The past few days have brought this strange numbness….like I don’t fit wherever I am. Partially because I never do but it seems more intense lately. Finally I was reminded yesterday that I am in the “between first and third world” transition phase as I am leaving for Haiti in a few days. One would think I would sense when this is coming on because I have been doing this for almost 10 years but it always seems to creep up on me.
I was unloading the dishwasher and my RaceTrac cup caught my eye. I literally looked at it and said in my head, “I will miss you, RaceTrac cup.” WTH??? As I prepare to leave I subconsciously say good bye to ice and air conditioning and it takes me a little while to wean myself from all the conveniences. I am human too. I am not beyond getting my panties in a wad when I have to clean out my bowl in the bunkhouse in Haiti with a paper towel and hand sanitizer for the hundredth time because water is too important to waste on such things. I don’t count the days to no shower, sweat to the point I carry a washcloth with me so my glasses don’t slide down my nose (don’t judge), and sliding on muddy rocks in a long skirt and cursing my “hiking boots” because they aren’t doing a dang thing for me in the middle of a downpour on top of a slippery foot path. Crackers and canned chicken are not my faves (although Chick-fil-A sauce does wonders for most foods) and I also miss my comfortable car, legitimate roads, and my washing machine. But not enough to stay home. Never enough to stay home.
We are a society of comfort and conveniences. We thrive off quick and easy. But what about the rest of the world? The world where clean water is nonexistent and a pair of shoes is a luxury.
I know when we started to go to Haiti there was this lingering question in the minds of the people in the village which was very simple…..”WHY would she leave her comfort to come here?” At first I had to figure that question out for myself. I wanted to be there for the right reasons and a motivation that is not centered around some philanthropic do-gooder mentality. And here is my conclusion…..I go because I am called. We are ALL called to somewhere other than our own families and our own little circles. The other reason is a bit selfish but it is because the people in Haiti have something extraordinary that I lack and I just want to be around them because of it.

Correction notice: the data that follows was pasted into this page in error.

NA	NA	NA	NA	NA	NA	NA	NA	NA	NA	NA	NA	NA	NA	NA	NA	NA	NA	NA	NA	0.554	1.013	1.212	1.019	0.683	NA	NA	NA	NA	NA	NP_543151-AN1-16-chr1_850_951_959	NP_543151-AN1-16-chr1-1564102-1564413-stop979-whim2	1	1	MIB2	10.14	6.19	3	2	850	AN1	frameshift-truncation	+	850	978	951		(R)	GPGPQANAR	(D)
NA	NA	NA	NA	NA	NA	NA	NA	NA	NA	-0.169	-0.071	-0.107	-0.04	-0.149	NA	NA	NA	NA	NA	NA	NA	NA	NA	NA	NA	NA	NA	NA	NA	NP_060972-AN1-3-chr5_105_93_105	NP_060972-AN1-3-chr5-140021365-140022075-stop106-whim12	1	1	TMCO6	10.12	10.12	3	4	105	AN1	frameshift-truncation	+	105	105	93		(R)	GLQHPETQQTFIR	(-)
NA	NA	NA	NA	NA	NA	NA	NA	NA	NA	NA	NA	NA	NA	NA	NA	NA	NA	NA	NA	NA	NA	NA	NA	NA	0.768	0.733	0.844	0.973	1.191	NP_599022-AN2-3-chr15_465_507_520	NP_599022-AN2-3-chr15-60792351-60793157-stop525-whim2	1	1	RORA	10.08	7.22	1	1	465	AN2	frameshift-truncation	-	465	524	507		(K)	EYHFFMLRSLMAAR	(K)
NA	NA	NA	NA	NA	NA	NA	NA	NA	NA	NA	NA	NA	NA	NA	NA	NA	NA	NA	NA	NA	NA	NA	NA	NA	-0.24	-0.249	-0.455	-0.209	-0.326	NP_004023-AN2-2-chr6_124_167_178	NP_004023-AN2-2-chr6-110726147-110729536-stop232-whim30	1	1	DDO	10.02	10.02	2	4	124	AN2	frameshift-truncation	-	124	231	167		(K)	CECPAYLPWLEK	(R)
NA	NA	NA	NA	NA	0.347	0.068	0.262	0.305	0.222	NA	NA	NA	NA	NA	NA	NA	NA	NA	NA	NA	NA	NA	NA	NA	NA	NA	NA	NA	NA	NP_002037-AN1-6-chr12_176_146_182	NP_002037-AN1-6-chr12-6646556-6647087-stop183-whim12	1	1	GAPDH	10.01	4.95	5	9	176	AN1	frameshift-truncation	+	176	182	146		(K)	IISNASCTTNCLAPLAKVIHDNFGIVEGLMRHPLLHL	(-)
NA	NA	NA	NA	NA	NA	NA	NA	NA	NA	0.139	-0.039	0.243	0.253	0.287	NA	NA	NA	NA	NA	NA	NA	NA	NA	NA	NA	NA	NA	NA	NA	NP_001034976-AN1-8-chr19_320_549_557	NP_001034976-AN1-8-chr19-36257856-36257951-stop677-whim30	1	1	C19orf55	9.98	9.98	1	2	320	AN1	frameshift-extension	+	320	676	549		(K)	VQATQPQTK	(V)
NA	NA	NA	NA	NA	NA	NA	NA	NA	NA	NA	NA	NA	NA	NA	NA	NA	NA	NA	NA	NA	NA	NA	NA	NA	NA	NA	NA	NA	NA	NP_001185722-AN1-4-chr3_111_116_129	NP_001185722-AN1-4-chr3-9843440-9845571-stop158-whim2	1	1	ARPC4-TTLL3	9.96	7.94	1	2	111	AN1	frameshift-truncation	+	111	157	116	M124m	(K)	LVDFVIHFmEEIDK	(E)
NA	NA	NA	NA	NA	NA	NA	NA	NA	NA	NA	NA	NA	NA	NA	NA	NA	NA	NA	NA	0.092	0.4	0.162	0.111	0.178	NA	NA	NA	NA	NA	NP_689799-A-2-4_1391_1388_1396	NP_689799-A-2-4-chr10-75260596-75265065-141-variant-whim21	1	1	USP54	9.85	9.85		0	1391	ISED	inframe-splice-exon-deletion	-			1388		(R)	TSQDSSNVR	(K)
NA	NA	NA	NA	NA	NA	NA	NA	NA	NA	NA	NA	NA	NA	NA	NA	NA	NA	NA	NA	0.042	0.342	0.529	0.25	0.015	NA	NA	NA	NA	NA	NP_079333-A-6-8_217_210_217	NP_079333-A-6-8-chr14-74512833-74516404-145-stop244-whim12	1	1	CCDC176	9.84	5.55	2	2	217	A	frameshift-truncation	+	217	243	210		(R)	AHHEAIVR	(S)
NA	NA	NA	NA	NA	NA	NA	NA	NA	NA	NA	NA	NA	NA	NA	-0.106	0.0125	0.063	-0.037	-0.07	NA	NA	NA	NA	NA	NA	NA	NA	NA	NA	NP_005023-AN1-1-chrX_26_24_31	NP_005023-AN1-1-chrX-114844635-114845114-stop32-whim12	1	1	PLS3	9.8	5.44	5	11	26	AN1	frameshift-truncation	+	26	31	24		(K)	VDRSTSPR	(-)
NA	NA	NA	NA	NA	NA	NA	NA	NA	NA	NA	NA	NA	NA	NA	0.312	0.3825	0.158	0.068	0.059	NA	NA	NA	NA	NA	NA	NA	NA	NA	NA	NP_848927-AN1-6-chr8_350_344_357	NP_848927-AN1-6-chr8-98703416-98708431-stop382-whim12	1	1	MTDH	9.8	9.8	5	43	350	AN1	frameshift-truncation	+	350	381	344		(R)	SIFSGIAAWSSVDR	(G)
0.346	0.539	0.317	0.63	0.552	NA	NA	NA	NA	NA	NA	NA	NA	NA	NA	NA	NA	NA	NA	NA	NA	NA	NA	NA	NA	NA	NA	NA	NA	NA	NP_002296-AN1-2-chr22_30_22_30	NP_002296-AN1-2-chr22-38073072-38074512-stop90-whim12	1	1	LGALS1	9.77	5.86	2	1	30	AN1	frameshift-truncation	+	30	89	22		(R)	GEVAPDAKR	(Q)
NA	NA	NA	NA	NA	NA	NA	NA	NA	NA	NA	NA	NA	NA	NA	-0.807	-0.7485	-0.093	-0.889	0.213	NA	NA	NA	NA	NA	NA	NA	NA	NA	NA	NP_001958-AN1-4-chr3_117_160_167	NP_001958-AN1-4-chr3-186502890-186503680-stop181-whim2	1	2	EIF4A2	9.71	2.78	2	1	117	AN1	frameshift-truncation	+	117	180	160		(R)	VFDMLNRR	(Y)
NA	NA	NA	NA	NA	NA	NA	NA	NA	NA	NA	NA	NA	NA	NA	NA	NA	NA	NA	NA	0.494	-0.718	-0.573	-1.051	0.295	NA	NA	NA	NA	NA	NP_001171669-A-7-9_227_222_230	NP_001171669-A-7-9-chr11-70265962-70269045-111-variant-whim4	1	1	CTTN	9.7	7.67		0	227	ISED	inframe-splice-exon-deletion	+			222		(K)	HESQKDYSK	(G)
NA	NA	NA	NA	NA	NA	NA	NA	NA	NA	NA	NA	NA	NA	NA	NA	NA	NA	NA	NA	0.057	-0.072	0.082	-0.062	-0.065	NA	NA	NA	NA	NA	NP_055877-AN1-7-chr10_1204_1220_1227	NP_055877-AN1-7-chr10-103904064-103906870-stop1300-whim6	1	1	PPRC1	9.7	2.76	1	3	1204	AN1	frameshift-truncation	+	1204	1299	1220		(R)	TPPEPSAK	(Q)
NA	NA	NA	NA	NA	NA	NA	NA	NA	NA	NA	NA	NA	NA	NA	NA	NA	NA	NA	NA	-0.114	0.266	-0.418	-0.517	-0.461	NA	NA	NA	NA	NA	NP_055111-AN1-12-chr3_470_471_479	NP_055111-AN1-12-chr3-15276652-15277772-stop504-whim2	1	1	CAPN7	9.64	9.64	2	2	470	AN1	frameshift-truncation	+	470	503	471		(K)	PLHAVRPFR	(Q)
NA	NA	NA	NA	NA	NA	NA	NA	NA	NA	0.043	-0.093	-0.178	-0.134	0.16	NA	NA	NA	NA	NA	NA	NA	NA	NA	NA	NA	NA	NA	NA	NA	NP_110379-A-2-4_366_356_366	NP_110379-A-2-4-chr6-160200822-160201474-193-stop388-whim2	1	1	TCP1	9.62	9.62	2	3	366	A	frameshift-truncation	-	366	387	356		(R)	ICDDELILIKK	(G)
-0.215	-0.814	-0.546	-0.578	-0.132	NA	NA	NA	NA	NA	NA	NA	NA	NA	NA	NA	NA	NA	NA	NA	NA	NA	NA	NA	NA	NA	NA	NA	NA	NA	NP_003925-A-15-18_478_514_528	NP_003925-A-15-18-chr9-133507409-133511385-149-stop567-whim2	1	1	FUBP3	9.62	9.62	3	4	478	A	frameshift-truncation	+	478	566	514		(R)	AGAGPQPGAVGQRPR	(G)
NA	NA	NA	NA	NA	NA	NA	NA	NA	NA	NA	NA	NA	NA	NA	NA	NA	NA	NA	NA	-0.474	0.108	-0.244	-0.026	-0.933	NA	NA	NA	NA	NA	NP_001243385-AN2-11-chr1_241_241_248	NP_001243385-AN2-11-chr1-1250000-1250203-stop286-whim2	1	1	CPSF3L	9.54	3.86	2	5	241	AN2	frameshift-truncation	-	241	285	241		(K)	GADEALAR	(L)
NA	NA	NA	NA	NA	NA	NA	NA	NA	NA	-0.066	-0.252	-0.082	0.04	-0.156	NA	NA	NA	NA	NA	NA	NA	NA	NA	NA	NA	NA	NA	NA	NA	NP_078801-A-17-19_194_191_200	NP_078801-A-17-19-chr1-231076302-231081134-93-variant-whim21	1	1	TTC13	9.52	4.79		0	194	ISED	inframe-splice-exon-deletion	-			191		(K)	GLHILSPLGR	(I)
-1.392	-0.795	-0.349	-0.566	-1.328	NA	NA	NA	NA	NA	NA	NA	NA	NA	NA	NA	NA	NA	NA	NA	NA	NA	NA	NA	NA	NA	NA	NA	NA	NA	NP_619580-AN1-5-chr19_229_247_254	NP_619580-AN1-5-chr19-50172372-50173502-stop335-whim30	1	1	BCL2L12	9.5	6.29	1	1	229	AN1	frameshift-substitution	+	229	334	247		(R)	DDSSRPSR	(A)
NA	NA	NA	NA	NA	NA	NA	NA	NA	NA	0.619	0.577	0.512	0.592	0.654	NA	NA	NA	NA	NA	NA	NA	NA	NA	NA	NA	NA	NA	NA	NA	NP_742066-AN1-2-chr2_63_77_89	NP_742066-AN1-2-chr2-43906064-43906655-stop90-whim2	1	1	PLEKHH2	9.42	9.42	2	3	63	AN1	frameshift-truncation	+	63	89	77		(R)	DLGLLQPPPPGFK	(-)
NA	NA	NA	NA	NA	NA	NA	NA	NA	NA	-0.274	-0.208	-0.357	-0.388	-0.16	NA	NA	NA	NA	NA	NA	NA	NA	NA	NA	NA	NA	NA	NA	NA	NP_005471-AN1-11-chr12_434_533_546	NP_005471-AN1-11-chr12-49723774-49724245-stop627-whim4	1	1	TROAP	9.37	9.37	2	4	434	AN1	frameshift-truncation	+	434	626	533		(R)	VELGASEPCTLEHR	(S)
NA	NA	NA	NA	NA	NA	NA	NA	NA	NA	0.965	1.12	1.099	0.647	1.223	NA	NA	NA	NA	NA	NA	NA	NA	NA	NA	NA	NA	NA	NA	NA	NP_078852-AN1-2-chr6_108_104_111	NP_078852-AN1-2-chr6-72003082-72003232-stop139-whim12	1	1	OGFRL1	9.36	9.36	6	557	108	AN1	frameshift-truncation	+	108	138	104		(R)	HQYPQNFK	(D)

Constantly people say to me, “We forget how blessed we are in America” and I always have this uneasy feeling like there was something inherently wrong with that statement. Yes we have drive thrus and electricity. We have faucets and milk in the fridge. But we also have meth and porn. We live very isolated lives from those around us because we need to keep up with the materialistic world we live in. We have free schools yet most don’t appreciate them anyway. We have a lot of stuff but we remain unsettled most of the time because there is always something more to be attained or accomplished. We know a lot of people but often feel disconnected because of our busyness and our own selfishness.
And then there is entitlement. The feeling so many have that the government owes them something. Government assistance should lead to gratitude and humility but most of the time it only breeds dependence and arrogance. Something needs to change here is the USA. We are not as “blessed” as we want to think we are. There is a huge need for change in our country. Addiction, crime and sexual exploitation are taking over and most of us don’t even know it is happening.
Being “blessed” to me is doing life with people I love who have learned the value of hard work under the worst conditions. It means spending time together under an avocado tree talking about education and the need for rain so the crops will grow. It means watching children come to school after a 2 hour walk with no mud on their shoes and no victim mentality in their step. Those are the moments that most bless me. I can deal with frizzy hair and unending mud all day long to get a piece of that.
What keeps us from answering the call? Fear. Comfort. Denial.
The time is now. We have so many opportunities all around us to be avenues of change but it does not happen in our sheltered little worlds and our consumer driven families. It happens when we put the conveniences aside and embrace the uncomfortable…..what is gained is always greater in those times than what is lost. Relationships win over Netflix and Keurigs.
We were created to be in community. And not our mono ethnic cliques or hobby driven circles. But the kind of community that stretches us. Makes us wrestle with our prejudices and our self seeking motives. Doing life with people who don’t make us look good to other people and who won’t feed into our egos.
Go answer the call. Give til you have nothing left. You will come alive.